Friday, 27 April 2012

The Complex Job of Producing Simple Financial Services

There has been a futile tendency amongst regulators to view 'simple' retail financial services as merely 'basic' or 'vanilla' versions of existing products. And the Treasury's aspirations in this area have not improved, at least as of February 2012.

Perhaps ironically, the route to simplicity and transparency is much harder than producing a complex product that no consumer really understands. To produce a simple retail financial service involves first understanding the complexity of the consumer problem being addressed, then figuring out the simplest, most consumable service that will solve it. That's the role of a facilitator. By contrast, those producing complex products are unlikely to be focused on the consumer's problem in the first place, let alone understand it - they're focused primarily on solving their own problems at consumers' expense.

The path to simplicity involves disruptive innovation and critical thought to remove not only the complexity but also the intermediaries ('institutions') who've failed to solve consumers' problems cost-effectively to date. Trial and error, testing and learning, flexibility and adaptability are all key characteristics of this process. Yet our financial services framework is intolerant of them. In fact, a new service could launch and undergo several iterations in the time it takes to get it authorised by the regulators in the first place. Tiny factual differences have seismic regulatory implications in the type of permission or licence needed, and this adds to the time-lag and legal advice involved. We must figure out how to make the process of decent innovation easier.

Having waded through all this treacle to actually produce an innovative, simple product, there is then the challenge of explaining very simply how it works - and on a low budget. I recall Richard Duvall saying that £60m was spent on the launch of Egg, while the marketing spend dedicated to the launch of Zopa was £35k (though the phenomenal PR benefit from launching something truly new was priceless). But perhaps that isn't as much of a disadvantage as you might expect. While we see plenty of pointless, fluffy TV ads for expensive banking products, we don't see much marketing effort devoted to the 'basic' versions. As Professor Devlin found in his research for the Treasury, low fees and ease of switching has dampened traditional institutions' enthusiasm for creating and marketing simple stuff when there's so much money to be made from complexity and inertia.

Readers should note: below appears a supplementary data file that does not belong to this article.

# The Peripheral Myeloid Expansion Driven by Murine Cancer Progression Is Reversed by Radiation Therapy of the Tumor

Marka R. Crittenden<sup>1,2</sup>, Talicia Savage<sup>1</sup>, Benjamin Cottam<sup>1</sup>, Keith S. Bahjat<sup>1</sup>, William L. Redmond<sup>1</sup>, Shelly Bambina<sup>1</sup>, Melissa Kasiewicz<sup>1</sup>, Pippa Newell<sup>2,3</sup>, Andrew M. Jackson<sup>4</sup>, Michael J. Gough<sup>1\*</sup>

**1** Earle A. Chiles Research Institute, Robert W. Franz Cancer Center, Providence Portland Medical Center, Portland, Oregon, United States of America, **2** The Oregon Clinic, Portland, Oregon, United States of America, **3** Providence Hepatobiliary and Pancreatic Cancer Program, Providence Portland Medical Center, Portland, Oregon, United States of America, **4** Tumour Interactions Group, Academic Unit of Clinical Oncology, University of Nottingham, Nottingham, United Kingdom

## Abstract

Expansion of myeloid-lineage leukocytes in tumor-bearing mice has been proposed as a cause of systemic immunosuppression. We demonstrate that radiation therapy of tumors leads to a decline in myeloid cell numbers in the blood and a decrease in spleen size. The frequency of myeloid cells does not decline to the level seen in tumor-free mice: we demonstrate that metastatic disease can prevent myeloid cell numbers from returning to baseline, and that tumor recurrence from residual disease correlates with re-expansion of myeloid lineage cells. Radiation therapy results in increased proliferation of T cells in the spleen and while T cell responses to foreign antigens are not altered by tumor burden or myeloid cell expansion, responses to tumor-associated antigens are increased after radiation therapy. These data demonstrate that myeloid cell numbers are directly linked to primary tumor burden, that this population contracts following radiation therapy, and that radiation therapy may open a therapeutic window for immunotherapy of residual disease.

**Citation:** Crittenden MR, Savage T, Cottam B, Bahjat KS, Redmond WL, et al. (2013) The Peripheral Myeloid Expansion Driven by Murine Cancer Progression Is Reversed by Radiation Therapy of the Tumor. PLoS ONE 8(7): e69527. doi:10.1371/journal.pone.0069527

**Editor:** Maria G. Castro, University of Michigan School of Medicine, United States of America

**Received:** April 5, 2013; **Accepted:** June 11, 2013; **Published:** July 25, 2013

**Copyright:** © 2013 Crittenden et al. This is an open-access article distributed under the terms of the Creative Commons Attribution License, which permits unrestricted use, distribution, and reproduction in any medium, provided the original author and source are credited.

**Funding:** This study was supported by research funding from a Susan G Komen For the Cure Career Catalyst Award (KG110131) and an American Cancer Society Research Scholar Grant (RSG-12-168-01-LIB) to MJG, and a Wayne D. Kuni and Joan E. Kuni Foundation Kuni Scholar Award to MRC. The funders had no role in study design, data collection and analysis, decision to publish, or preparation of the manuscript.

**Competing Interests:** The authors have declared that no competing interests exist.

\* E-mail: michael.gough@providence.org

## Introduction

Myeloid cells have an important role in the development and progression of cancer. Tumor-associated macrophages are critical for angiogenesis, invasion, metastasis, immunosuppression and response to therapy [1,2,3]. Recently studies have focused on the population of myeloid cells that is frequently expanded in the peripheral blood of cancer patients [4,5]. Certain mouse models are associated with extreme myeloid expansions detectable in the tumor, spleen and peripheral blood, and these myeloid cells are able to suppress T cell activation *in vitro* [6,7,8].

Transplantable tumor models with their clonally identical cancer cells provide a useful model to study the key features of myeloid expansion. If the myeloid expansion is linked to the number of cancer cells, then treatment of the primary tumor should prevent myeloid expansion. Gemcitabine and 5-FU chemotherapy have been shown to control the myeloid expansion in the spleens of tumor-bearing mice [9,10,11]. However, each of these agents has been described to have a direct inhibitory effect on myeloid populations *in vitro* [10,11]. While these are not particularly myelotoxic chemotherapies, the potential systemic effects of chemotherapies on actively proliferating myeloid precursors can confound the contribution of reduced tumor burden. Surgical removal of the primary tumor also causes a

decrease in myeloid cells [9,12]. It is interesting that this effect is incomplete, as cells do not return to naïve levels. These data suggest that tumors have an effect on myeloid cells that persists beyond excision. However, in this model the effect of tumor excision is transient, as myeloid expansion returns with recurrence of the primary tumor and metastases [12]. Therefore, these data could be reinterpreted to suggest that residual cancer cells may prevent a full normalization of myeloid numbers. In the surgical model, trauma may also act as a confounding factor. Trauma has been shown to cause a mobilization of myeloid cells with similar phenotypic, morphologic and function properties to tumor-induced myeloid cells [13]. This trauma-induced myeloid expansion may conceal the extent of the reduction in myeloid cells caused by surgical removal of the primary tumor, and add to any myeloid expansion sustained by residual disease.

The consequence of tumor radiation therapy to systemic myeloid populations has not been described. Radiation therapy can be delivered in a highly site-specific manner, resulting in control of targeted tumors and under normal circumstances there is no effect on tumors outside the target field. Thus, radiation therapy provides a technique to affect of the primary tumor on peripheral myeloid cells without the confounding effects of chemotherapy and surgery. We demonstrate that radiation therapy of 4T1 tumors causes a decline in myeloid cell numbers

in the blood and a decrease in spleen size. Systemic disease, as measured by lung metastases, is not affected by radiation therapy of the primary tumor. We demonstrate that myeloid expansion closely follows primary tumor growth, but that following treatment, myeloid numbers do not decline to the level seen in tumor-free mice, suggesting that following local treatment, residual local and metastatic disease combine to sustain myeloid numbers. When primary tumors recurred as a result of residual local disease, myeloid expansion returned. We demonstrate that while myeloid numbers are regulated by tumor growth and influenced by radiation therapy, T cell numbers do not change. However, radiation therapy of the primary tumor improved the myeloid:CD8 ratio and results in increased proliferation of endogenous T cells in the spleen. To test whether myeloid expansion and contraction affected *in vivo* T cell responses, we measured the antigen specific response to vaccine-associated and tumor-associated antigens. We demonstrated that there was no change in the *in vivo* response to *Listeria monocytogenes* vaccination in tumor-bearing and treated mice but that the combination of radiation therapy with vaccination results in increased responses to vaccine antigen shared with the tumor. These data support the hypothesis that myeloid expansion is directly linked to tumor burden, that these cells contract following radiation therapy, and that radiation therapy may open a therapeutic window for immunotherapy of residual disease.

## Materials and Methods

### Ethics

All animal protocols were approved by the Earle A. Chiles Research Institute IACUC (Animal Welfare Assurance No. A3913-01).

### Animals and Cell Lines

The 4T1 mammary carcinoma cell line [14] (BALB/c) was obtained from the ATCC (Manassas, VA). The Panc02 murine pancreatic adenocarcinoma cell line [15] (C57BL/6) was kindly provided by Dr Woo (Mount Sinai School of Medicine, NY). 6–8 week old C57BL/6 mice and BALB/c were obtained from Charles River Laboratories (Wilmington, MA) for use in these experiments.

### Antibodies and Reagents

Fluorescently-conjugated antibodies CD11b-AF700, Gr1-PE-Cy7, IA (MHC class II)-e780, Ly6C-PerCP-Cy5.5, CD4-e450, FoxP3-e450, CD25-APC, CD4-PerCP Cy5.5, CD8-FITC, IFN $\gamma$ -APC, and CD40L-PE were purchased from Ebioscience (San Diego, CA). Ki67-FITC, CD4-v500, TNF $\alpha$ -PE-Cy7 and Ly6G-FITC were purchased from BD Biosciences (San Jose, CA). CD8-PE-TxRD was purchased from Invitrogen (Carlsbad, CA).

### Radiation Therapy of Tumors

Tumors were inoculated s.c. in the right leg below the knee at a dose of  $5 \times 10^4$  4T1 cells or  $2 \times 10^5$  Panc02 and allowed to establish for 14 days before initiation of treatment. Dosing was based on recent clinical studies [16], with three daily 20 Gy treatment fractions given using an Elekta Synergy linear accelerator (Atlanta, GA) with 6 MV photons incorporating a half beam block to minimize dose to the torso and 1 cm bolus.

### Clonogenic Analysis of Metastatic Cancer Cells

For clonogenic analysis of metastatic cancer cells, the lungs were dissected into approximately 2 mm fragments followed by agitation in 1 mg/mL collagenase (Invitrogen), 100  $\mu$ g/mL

At any rate, we need to celebrate the really simple, clear and transparent explanations of how our new financial services work. I've set out some examples below from my own experience. Some relate to services that are in beta or brand new, some established. To demonstrate the ability of TV journalists to explain things incredibly simply, I've also included just one piece of excellent coverage that removed the need for the business concerned to produce videos of its own.

Other top-tips on great explanatory clips are welcome.


Abundance Generation



Funding Circle


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